Martinique is a beautiful country with a unique culture and history. But driving can be a…challenge, to put it mildly. Between the scarcity of automatic vehicles (I don’t drive stick) and the, shall we say, veracity and technique of Martinique drivers, driving in the country was high on our priority list. Yet in order to view the island to the fullest, you need a car because cabs are exorbitant. Enter Karambole Tours.
Karambole Tours offers several tours to give visitors the heart of Martinique. The owner, Christelle, is bilingual offering English, French or English and French combo tours. Karambole is new, just beginning tours in November, but it is clear that Christelle cares deeply about the island and wants others to see its beauty. And she is super talented; she narrates back and forth between English and French with ease and finesse.
Pile et Face Tour
We did the Pile et Face Tour, which made several stops and covered a large portion of the island. And along the way we had delicious pastries along the way.
Our first stop was the Sacred Heart Montmartre de Balata Church. Look familiar? If you have been to Paris, this one you may recognize as a replica of the Basilica of the Sacred Heart of Paris. This beautiful structure is hilltop and features absolutely stunning architecture.
But the real joy is inside. The alter and stained glass was beautiful. The high ceilings and the dome were magnificent. Around the dome at the top had an amazing level of detail, and even though I don’t speak French, I could instantly tell that at the four corners were depictions of Matthew, Mark, Luke and John. Absolutely beautiful.
But before taking in the church, Christelle offered some history, along with tumeric bread with souskay and banana wine.
Martinique is an extremely lush island, with dense rainforests. So next, we were on to the rainforest area (where it indeed rained). We first stopped at the Alma River for photos and enjoyed hot chocolate and a cinnamon apple pastry. We then headed over to a cute little waterfall, where we waded through the river to get to the pool. Unfortunately, the rain started coming down at that point, or we would have enjoyed more time in the waterfall.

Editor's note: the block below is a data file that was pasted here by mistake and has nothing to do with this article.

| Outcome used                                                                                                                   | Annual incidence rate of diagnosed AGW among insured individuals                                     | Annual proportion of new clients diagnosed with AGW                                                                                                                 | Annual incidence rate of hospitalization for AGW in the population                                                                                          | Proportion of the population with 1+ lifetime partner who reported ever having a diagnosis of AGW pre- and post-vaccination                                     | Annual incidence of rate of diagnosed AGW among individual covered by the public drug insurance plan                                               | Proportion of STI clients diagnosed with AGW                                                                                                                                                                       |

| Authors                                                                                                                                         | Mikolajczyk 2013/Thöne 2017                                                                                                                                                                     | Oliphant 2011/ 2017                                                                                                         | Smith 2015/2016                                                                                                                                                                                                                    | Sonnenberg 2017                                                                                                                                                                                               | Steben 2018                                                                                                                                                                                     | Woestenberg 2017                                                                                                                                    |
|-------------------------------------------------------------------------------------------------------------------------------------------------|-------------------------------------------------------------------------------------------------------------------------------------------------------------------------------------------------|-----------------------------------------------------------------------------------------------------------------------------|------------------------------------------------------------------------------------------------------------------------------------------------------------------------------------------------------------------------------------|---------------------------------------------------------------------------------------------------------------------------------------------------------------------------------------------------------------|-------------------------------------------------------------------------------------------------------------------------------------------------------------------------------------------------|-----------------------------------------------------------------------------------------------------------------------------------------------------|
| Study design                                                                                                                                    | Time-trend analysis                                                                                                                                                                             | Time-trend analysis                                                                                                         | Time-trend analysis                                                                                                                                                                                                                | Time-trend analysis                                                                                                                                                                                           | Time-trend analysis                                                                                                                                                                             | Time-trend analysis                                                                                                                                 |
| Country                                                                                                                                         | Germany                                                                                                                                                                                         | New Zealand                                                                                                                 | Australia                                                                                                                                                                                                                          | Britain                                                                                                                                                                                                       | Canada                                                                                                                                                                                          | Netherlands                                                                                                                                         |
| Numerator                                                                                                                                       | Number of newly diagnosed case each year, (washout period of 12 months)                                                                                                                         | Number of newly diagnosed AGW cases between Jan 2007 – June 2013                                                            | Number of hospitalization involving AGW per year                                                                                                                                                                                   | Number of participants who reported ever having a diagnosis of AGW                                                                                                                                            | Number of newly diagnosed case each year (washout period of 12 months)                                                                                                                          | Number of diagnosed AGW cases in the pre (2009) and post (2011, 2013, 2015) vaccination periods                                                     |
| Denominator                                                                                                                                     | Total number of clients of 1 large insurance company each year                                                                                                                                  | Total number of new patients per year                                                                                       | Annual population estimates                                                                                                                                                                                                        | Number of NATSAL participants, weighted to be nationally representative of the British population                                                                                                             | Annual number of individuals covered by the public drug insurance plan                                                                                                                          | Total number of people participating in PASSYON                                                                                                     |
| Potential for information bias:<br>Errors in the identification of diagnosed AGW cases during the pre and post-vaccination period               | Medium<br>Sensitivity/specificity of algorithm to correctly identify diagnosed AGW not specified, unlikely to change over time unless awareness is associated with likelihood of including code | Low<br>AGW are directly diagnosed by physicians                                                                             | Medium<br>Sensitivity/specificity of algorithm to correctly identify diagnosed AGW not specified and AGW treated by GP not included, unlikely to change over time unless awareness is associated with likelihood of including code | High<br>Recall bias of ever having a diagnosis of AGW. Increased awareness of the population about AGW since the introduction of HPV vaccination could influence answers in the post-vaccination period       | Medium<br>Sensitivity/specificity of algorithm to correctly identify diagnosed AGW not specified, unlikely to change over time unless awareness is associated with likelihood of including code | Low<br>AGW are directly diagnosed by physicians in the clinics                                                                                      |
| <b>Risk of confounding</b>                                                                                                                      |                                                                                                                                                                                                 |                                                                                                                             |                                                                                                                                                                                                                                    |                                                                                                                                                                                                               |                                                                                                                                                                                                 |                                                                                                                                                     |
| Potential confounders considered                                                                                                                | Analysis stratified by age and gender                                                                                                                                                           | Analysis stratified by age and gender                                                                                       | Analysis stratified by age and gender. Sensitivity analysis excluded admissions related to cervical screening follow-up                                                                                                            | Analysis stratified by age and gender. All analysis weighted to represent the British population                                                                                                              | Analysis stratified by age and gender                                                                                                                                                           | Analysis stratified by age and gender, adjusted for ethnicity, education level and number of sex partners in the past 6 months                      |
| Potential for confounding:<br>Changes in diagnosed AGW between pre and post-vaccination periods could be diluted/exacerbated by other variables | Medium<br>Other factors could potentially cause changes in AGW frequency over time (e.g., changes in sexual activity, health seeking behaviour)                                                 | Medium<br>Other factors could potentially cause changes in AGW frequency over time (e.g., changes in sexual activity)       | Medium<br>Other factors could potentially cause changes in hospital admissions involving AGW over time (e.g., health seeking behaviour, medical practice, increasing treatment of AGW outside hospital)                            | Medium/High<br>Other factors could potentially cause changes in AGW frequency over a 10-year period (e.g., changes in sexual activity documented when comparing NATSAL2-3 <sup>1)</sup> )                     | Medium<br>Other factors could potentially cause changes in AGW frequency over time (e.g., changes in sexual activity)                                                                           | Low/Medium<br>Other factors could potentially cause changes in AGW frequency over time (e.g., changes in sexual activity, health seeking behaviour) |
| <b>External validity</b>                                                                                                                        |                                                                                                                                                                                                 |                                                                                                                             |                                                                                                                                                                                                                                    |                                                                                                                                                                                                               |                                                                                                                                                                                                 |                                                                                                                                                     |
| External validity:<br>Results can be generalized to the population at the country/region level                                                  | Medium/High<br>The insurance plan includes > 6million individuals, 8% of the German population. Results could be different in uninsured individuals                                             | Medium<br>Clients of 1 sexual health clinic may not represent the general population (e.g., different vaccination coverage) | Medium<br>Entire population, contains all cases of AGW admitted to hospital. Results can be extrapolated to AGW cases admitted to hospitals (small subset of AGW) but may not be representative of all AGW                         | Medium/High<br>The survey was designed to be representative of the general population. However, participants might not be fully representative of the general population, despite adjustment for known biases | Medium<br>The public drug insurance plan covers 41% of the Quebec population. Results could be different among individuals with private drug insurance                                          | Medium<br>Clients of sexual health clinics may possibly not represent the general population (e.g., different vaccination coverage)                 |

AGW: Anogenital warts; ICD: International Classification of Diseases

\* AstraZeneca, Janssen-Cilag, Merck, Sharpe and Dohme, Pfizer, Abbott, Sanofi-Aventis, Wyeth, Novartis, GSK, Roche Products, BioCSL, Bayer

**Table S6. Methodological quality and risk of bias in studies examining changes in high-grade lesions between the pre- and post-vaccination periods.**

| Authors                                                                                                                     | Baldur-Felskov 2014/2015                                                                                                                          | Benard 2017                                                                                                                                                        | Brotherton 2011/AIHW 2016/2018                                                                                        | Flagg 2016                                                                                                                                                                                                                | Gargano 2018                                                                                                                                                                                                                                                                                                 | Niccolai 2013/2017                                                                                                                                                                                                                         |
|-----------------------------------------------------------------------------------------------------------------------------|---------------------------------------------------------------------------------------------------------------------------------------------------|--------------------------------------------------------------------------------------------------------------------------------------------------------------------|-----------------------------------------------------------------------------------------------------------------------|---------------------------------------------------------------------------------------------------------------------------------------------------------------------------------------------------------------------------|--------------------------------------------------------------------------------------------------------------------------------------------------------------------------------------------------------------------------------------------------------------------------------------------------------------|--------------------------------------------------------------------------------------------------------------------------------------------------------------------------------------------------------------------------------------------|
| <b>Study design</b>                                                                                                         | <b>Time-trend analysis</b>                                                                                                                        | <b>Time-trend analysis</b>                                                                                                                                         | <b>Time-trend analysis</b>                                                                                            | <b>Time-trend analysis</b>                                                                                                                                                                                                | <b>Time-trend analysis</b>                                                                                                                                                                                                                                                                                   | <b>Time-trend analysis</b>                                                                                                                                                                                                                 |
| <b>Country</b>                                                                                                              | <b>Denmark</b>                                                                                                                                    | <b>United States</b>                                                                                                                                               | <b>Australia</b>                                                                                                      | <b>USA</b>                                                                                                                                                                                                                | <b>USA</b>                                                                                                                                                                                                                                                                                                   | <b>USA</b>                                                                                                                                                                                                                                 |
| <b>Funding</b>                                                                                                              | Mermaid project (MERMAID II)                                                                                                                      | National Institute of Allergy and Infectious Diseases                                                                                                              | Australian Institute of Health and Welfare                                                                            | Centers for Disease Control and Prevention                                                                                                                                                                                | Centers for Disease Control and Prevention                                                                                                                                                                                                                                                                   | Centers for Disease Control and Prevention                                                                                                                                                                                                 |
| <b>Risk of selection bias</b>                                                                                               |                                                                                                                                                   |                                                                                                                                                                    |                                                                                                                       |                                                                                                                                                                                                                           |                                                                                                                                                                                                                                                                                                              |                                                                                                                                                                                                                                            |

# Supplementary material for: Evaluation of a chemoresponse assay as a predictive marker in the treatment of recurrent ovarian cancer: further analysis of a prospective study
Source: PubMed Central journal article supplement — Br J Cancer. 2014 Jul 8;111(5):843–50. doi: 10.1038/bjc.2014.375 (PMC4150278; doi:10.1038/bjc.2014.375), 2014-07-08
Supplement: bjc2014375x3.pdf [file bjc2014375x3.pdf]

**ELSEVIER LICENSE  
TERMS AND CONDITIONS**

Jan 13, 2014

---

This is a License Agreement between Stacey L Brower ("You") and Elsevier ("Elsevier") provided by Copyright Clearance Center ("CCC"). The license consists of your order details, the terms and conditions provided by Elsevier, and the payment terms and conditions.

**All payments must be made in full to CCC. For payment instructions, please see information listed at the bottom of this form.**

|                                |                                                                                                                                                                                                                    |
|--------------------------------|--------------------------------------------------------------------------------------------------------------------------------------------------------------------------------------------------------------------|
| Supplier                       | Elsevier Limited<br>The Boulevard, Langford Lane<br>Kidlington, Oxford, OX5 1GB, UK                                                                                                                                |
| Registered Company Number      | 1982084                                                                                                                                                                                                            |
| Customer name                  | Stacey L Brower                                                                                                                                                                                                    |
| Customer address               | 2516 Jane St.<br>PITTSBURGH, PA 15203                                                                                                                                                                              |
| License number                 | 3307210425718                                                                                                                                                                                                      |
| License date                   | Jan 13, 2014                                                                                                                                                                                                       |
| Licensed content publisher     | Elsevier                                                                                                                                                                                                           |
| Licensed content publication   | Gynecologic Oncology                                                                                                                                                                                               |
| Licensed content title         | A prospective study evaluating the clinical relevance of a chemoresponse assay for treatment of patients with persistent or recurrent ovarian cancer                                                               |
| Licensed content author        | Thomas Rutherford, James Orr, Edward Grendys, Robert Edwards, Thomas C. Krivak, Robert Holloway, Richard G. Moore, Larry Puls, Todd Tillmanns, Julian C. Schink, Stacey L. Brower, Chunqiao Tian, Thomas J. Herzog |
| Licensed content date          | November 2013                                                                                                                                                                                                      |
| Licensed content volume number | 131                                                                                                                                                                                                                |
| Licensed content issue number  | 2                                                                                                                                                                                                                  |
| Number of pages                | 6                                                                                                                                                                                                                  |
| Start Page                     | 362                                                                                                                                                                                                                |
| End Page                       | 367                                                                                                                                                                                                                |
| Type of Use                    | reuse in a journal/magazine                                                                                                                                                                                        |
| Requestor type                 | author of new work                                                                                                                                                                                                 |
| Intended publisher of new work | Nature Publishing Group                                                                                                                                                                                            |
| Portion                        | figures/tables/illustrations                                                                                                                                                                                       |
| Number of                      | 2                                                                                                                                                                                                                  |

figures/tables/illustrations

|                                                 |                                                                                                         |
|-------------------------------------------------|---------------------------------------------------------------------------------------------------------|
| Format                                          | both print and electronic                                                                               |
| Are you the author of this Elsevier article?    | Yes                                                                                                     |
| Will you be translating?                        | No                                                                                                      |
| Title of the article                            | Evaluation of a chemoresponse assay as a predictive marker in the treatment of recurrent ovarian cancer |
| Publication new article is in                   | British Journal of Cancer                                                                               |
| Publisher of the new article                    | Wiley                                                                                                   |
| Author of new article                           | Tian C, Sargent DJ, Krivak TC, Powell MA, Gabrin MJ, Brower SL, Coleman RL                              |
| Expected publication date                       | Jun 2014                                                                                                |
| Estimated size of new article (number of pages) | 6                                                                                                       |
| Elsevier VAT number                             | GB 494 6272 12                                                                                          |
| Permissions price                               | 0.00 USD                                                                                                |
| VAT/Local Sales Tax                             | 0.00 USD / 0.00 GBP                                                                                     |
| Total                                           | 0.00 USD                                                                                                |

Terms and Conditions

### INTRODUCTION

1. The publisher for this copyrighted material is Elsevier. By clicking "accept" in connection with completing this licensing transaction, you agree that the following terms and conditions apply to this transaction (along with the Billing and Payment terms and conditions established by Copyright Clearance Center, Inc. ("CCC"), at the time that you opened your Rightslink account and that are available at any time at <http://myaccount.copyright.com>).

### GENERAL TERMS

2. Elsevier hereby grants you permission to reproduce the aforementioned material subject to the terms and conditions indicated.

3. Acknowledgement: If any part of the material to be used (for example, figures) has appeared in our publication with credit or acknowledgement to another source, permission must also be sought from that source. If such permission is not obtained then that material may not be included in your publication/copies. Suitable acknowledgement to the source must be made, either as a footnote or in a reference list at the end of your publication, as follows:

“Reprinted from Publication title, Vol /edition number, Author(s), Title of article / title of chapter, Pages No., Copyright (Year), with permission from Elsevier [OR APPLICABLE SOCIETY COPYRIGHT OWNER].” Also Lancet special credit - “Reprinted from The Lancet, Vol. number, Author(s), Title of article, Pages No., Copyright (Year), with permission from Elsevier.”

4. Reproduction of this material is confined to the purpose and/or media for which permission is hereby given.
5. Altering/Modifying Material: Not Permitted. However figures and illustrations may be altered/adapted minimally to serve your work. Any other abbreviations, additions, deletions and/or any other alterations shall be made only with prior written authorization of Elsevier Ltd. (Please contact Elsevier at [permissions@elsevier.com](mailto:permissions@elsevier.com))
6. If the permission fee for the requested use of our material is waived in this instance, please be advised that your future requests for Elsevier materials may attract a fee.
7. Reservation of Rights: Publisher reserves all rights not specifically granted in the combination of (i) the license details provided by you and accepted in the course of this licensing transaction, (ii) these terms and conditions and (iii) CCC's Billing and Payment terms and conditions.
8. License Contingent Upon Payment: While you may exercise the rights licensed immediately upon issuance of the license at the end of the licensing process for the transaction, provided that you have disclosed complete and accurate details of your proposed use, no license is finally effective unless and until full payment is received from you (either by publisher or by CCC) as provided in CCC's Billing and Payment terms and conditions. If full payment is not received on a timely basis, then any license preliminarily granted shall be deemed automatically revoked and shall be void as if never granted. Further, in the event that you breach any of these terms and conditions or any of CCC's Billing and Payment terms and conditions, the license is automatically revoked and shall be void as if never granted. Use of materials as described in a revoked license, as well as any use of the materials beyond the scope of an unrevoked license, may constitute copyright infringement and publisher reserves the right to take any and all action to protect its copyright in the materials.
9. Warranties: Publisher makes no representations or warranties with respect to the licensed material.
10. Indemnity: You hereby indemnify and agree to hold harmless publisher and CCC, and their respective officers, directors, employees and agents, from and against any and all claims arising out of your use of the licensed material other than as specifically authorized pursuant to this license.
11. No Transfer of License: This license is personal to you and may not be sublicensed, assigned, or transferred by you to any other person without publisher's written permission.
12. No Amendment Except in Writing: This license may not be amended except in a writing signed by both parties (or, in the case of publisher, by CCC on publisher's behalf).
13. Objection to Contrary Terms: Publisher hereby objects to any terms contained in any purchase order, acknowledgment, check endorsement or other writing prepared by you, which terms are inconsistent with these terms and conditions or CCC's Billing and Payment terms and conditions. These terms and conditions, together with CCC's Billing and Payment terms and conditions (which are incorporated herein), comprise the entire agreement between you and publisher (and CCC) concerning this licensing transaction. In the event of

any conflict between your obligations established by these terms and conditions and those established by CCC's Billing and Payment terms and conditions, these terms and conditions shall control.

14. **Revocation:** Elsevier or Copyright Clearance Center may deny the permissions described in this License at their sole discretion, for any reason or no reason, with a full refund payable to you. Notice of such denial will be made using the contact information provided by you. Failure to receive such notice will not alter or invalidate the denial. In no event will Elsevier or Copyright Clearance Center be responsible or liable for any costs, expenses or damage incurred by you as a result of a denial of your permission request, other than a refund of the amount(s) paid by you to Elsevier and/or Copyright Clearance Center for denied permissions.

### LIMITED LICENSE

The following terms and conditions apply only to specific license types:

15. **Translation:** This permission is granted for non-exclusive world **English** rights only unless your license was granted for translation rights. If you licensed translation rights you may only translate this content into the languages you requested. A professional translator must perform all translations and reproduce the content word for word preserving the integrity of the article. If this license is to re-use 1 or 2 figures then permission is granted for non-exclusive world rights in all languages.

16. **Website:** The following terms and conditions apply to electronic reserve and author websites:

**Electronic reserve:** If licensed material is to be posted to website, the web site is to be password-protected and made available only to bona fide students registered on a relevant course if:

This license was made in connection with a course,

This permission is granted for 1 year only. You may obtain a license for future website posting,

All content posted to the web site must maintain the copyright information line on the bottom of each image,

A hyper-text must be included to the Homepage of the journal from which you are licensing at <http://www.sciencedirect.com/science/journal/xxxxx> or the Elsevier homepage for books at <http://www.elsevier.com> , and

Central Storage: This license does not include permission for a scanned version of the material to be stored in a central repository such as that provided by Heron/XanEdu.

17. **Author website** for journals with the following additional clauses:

Mt. Pelee and Saint-Pierre
Check this: There is an active volcano on Martinique. Didn’t know Mt. Pelee was still active before I arrived. But on the tour, we stopped for a scenic overlook where Christelle gave us some history on the ‘catastrophe’ as the Martinicans call it, the huge eruption in 1902 that killed most everyone in and destroyed Saint-Pierre. We then went down into the town to walk the streets and see the old outdoor theater.
There is–legitimately–not a weak drink on Martinique. Seriously. Rhum is the liquor of choice, so we enjoyed a tasting at DePaz Distillery. There they have all sorts of flavored rhums (my personal favorite is the Passionfruit Rhum). The pours are small, but they pack a mean punch. We took only a few minutes to check out the hilltop grounds before getting right down to business, but there was a lot to see if you had the time.
Black Sand Beach
Our last stop of the day was at a black sand beach. To be fair, the sand wasn’t an onyx-toned sand, but lighter, more of a grey beach. But the sand coloration was caused by the volcano. The beach was beautiful and relatively uninhabited. We relaxed there for a bit before heading back to Fort de France to catch our ferry.
All in all, we could have been more pleased with our tour. We covered a lot of ground in just one day, and had great local delicacies along the way. Christelle has put together a great itinerary, but even if you have other things on your itinerary (like the Anse Caffard Memorial or the Jardin de Balata), Karambole offers other tours hitting those sites. The prices are more than reasonable, and Christelle is clearly knowledgeable and passionate about Martinique. I highly recommend this tour company to anyone visiting the island.
*While Karambole Tours offered a media ticket for this tour, the review is my honest opinion and the review is all my own.